I will like to make my final statement, the electoral college does not make it a battle over what the people like, but who the people in important states like. Candidates all ready assume who they are going to win and who they are not going to win, for example, democrats would all ready assume they are going to win California, Washington, Oregon, DC, and new England, so they cross that out of their campaign visits, and they all ready know they are not going to win Texas, Louisiana, Alabama, Mississippi, and Oklahoma, so they cross that out, they only care about the swing states, If we us the popular vote, they will care about every body. For example, California, safe state for democrats in the electoral college, in the popular vote, California gets republicans 4 million votes. And Texas, safe state for Republicans in the electoral college, 3 million votes for the democrats in the popular vote.

Thank you 16kadams for this debate, I will like to see your response.


1. “It is bad that we have a 2 party system and we do not give other parties a chance.”

We don’t necessarily want other parties to have a chance. In Europe, Neo-Nazi activity is on the rise and is becoming a strong political movement []. In the US, these ideologies still exist, but they cluster in one of our two main political parties. Those in the center, the center-right, the center-left, the far-left, the far-right, and libertarians, in the primaries, tend to back the establishment candidate. As the establishment wants to get elected, they tend to support the most palatable candidate, and generally that means moderate. While extremists on both sides of the isle express their discontent with compromise, no rational person should oppose a system that promotes moderation and compromise. A national popular vote, by making it easier for third parties to have a real shot at the presidency and gain political influence, would energize the radical base on both sides of the political spectrum, making political polarization even worse than it already is.

A two party system encourages inter-party consensuses that promote, rather than prevent, ideological purity. In the 1990s, Democrats protested Clinton’s welfare-reform and 1997 tax cuts. But as they had no other party to turn to, they stayed put, were able to shift the party to the left, and create a progressive wave that led them to victory in 2008. In Germany, the dissenters to such compromises left the party, divided the base, and the feuding between the two leftist parties allowed the center-right party to take control []. Allowing third parties to rise up would complicate the issues, create more bickering, and harm all ideologies. This far outweighs “giving people a chance.”

2. “States like California are unimportant because they are safe states. … do you think states like Wyoming or South Dakota receive 1 visit from either candidate, no.”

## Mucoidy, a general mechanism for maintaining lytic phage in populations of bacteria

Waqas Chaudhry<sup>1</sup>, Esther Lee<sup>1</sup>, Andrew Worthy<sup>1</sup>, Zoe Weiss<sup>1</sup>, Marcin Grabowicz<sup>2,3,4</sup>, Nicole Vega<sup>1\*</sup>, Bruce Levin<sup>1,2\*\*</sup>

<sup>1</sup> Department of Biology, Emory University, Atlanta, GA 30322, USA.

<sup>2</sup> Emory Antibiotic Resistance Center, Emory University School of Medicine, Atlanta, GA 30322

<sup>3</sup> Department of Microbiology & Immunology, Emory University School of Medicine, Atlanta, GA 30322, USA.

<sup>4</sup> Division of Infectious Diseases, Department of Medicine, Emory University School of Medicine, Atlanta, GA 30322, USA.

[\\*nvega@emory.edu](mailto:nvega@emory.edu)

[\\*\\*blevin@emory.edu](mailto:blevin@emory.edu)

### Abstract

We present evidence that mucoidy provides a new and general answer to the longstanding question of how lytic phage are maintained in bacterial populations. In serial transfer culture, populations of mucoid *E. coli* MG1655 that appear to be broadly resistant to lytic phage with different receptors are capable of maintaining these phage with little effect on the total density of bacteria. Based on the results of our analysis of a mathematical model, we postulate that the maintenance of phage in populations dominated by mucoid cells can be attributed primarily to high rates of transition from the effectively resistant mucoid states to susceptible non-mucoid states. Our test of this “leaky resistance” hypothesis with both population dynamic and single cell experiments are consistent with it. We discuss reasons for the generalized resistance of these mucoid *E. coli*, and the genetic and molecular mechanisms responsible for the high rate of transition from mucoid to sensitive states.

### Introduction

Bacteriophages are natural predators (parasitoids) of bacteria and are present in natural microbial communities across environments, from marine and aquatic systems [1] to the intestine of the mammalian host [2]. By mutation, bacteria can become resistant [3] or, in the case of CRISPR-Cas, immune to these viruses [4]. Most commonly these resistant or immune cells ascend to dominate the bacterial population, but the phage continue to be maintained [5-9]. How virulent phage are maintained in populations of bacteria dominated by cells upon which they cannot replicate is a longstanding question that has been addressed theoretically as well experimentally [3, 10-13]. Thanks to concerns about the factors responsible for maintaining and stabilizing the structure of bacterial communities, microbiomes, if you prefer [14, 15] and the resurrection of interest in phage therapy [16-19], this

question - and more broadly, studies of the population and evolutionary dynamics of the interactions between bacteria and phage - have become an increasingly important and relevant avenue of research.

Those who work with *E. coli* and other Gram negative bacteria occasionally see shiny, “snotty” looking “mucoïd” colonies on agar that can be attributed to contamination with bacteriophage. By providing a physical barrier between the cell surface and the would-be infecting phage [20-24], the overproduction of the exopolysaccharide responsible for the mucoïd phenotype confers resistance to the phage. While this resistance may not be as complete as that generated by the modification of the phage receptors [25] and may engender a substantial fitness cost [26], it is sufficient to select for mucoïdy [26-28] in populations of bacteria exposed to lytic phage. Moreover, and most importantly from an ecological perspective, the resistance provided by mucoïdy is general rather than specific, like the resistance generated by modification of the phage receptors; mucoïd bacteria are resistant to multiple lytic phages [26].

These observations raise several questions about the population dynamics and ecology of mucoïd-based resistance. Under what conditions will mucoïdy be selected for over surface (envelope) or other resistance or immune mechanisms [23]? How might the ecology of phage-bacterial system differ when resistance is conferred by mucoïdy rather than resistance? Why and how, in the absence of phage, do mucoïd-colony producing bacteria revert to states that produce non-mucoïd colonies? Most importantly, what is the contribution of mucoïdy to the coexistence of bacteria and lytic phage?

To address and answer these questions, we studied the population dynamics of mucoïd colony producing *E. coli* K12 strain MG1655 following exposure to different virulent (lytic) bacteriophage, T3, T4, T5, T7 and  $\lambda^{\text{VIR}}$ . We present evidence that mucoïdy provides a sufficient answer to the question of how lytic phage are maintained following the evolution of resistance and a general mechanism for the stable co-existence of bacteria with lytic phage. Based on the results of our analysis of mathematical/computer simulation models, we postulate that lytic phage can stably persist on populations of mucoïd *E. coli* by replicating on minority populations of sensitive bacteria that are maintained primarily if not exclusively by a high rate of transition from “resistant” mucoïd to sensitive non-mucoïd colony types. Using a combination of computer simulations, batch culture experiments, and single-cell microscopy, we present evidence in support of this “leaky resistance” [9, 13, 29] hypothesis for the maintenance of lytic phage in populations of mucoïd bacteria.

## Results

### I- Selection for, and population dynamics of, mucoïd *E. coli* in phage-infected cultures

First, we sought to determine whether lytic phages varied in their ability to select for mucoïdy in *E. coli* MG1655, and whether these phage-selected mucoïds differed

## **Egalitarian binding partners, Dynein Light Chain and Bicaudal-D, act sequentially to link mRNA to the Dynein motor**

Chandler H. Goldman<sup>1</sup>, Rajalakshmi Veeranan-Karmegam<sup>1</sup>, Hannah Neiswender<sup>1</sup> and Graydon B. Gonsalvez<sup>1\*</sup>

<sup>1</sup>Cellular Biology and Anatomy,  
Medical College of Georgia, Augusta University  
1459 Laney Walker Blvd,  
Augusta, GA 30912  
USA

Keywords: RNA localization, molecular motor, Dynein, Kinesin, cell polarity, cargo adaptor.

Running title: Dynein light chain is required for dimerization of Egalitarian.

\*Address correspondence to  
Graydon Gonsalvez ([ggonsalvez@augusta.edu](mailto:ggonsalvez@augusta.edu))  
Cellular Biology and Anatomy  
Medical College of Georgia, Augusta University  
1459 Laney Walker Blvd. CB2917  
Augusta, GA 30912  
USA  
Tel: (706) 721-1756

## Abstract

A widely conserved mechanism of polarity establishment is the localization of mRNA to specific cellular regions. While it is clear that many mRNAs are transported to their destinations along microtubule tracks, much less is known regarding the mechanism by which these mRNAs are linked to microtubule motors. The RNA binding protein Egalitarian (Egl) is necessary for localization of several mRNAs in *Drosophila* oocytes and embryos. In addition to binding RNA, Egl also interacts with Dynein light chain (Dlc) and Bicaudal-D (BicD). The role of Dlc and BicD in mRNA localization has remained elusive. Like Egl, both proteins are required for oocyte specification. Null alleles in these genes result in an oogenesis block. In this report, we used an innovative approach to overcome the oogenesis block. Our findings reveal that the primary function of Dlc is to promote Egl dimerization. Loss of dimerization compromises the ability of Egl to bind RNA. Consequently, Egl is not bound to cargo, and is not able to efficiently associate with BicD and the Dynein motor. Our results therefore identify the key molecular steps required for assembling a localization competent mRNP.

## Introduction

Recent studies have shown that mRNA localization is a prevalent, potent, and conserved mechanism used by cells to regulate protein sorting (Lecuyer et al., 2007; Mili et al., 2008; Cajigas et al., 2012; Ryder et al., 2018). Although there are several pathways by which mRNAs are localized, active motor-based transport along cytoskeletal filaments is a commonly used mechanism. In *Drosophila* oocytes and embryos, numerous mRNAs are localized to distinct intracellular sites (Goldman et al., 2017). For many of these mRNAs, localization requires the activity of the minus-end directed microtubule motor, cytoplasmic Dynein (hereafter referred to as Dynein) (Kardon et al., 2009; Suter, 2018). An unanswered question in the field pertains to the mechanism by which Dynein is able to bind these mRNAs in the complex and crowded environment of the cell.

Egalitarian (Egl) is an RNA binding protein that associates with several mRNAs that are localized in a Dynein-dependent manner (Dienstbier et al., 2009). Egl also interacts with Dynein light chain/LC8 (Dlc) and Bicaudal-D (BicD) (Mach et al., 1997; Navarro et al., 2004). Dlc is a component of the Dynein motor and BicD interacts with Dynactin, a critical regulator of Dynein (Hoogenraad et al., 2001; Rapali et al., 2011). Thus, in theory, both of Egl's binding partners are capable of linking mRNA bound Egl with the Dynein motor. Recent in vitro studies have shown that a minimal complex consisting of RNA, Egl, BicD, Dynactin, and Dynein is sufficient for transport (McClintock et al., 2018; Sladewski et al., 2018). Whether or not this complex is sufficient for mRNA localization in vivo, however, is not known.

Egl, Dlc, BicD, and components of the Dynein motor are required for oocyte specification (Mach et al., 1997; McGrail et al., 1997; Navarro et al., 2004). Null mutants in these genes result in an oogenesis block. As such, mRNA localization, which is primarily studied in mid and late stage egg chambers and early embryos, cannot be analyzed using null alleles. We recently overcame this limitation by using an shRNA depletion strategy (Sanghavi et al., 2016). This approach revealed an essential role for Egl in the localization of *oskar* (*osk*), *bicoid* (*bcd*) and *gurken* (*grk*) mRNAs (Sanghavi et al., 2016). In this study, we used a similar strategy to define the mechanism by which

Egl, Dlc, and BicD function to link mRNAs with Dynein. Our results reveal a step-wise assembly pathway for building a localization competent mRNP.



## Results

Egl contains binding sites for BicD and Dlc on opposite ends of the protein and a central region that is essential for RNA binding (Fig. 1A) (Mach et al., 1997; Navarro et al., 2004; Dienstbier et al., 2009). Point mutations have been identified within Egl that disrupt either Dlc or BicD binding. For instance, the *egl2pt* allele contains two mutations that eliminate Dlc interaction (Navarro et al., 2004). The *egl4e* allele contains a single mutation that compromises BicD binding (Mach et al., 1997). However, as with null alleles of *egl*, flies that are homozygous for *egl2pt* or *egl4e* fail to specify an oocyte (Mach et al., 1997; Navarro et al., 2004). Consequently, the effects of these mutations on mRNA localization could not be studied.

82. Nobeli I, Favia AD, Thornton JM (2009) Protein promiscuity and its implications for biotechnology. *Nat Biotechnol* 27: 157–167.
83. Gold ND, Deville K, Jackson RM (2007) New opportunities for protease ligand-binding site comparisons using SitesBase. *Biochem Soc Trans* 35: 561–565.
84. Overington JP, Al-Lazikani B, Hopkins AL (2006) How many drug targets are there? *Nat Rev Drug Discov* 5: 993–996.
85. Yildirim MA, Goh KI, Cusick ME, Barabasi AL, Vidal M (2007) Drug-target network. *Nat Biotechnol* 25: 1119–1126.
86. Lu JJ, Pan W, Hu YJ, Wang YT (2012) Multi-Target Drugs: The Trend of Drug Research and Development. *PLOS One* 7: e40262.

Wyoming and South Dakota were visited last election. South Dakota was visited once, by Joe Biden, and Wyoming three times, twice by Romney and once by Michelle Obama [].

A classic case of a “solid” state switching occurred in 2000. The number of registered Democrats in the state outnumbered the number of Republicans two to one. Only 4 times had a Republican ever won the state. Bush won the state by 6 percent because he spent an inordinate amount of time and money there []. Had Bush lost West Virginia, he would have lost the election. But he was able to make a solid state flip sides--it is now considered a solid red state. This debunks my opponent’s entire argument.

California is extremely important to candidates. As it has a huge population, doing well in California has a few good effects. (1) It lets you win the popular vote--although not actually important, it is good to have that on your resume; (2) The state has a huge hispanic population, and by doing well with that itinerant group it allows your party to do better when if they leave the state; (3) if you have a positive impact on the state, you help party members running for local positions (like Governor), and you help your party win Representative and Senate seats. Even if you won’t realistically flip the state, if you put enough effort in to increase your party’s favorability ratings, you would help the party in general--and if you were to win, make multiple new allies in congress. Even safe states, like Texas, NY, and California--are important under the EC system.

3. “You did say Virginia was a small state, if i may quote you, "New Mexico, Virginia, New Hampshire, and Colorado," all small states, have a larger effect on voting outcomes than other states.”

Whether or not Virginia is a small state is unimportant. The fact remains that voters in small states, like NM, CO, and NH, have a disproportionate impact on electoral results. The study measured, if you cast a vote in which state, where would it be most likely to change election results. Most of them happen to be small swing-states. However, on a pure weighting basis, you would probably want to move to Wyoming or Alaska to have your vote worth the most.

4. “Winner take all is unfair for states.”

As I noted in earlier rounds, this argument is insane.

(1) It is unfair because if someone votes for Romney, and Obama wins 50% + 1, all of Romney’s votes were wasted. This is literally my opponent’s argument. But this happens in every election no matter what. Say Romney won with 50% +1 of the popular vote under a direct popular vote. That means all of Obama’s votes would have been wasted! Does that mean elections are unfair? If this was the case, Romney would be co-president. “A” for effort I suppose.

(2) This objection is refuted by my counterplan, that my opponent has dropped.

5. “This is not a debate about who would have ran this country better.”

Stop claiming red herring when you are the one who brought the topic up. You are the one that mentioned the damage Bush brought to the country in the first place. You can’t say that the argument is irrelevant when you are the one that said it. It is unethical to blame me for going off track when it was you that got us here in the first place.

6. “The electoral college does not make it a battle over what the people like, but who the people in important states like.”

Not who the important states like, but the states in general. The important states sway elections, but if the South decides not to vote, it doesn’t matter that Marco Rubio is the best NA and won Ohio, Colorado, Virginia, Iowa, Florida, New Hampshire, and Nevada--he would lose without the help from those “solid” states. The winner wins a majority of the states in general, not a select few “important” ones.

Debate Round No. 3
3 comments have been posted on this debate. Showing 1 through 3 records.
Posted by 16kadams 2 years ago
I actually cited one of my numbers wrong, but I will correct it next round
Posted by 16kadams 2 years ago
crap, here is the picture
Posted by Trexcalibur 2 years ago
It's Banawa, Lucara
1 votes has been placed for this debate.
Vote Placed by BLAHthedebator 2 years ago
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Total points awarded:03 
Reasons for voting decision: I don't even need to read the debate in full detail, because Con drops Pro's counter-plan for the entire debate. If that is the case, Pro wins since it is a concession of the debate considering the debate was riding entirely on that matter.